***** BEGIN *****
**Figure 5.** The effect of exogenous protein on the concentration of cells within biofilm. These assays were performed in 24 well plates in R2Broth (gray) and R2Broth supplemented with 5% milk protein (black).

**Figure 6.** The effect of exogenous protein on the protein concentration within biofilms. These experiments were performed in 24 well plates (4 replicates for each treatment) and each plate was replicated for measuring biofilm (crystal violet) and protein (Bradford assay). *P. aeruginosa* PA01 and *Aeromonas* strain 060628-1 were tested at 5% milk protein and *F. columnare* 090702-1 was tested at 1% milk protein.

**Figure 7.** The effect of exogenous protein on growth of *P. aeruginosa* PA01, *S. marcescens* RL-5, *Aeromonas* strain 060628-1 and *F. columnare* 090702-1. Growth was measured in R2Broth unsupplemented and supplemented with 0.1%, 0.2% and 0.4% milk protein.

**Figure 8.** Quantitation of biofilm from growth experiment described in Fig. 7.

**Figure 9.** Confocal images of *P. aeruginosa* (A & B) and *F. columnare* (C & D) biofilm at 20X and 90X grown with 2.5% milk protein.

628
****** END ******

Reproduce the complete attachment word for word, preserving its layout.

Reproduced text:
**Figure 5.** The effect of exogenous protein on the concentration of cells within biofilm. These assays were performed in 24 well plates in R2Broth (gray) and R2Broth supplemented with 5% milk protein (black).

**Figure 6.** The effect of exogenous protein on the protein concentration within biofilms. These experiments were performed in 24 well plates (4 replicates for each treatment) and each plate was replicated for measuring biofilm (crystal violet) and protein (Bradford assay). *P. aeruginosa* PA01 and *Aeromonas* strain 060628-1 were tested at 5% milk protein and *F. columnare* 090702-1 was tested at 1% milk protein.

**Figure 7.** The effect of exogenous protein on growth of *P. aeruginosa* PA01, *S. marcescens* RL-5, *Aeromonas* strain 060628-1 and *F. columnare* 090702-1. Growth was measured in R2Broth unsupplemented and supplemented with 0.1%, 0.2% and 0.4% milk protein.

**Figure 8.** Quantitation of biofilm from growth experiment described in Fig. 7.

**Figure 9.** Confocal images of *P. aeruginosa* (A & B) and *F. columnare* (C & D) biofilm at 20X and 90X grown with 2.5% milk protein.

628